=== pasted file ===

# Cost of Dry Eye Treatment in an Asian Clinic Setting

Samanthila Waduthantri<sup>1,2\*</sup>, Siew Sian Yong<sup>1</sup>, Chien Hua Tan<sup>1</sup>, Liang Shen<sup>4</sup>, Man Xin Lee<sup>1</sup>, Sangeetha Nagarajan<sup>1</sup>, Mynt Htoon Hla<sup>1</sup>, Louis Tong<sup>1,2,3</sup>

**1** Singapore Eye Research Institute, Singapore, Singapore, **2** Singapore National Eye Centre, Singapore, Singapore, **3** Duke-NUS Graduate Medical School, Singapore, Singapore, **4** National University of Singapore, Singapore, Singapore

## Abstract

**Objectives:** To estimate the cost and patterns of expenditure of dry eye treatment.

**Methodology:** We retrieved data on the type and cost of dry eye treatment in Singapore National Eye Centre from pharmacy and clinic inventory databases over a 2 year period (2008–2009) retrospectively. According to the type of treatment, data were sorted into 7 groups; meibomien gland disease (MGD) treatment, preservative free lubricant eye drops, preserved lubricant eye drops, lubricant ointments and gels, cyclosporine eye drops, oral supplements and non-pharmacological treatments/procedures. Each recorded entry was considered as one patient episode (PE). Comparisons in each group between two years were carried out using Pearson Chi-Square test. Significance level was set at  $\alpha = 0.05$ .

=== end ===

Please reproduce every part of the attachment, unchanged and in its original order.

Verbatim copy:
# Cost of Dry Eye Treatment in an Asian Clinic Setting

Samanthila Waduthantri<sup>1,2\*</sup>, Siew Sian Yong<sup>1</sup>, Chien Hua Tan<sup>1</sup>, Liang Shen<sup>4</sup>, Man Xin Lee<sup>1</sup>, Sangeetha Nagarajan<sup>1</sup>, Mynt Htoon Hla<sup>1</sup>, Louis Tong<sup>1,2,3</sup>

**1** Singapore Eye Research Institute, Singapore, Singapore, **2** Singapore National Eye Centre, Singapore, Singapore, **3** Duke-NUS Graduate Medical School, Singapore, Singapore, **4** National University of Singapore, Singapore, Singapore

## Abstract

**Objectives:** To estimate the cost and patterns of expenditure of dry eye treatment.

**Methodology:** We retrieved data on the type and cost of dry eye treatment in Singapore National Eye Centre from pharmacy and clinic inventory databases over a 2 year period (2008–2009) retrospectively. According to the type of treatment, data were sorted into 7 groups; meibomien gland disease (MGD) treatment, preservative free lubricant eye drops, preserved lubricant eye drops, lubricant ointments and gels, cyclosporine eye drops, oral supplements and non-pharmacological treatments/procedures. Each recorded entry was considered as one patient episode (PE). Comparisons in each group between two years were carried out using Pearson Chi-Square test. Significance level was set at  $\alpha = 0.05$ .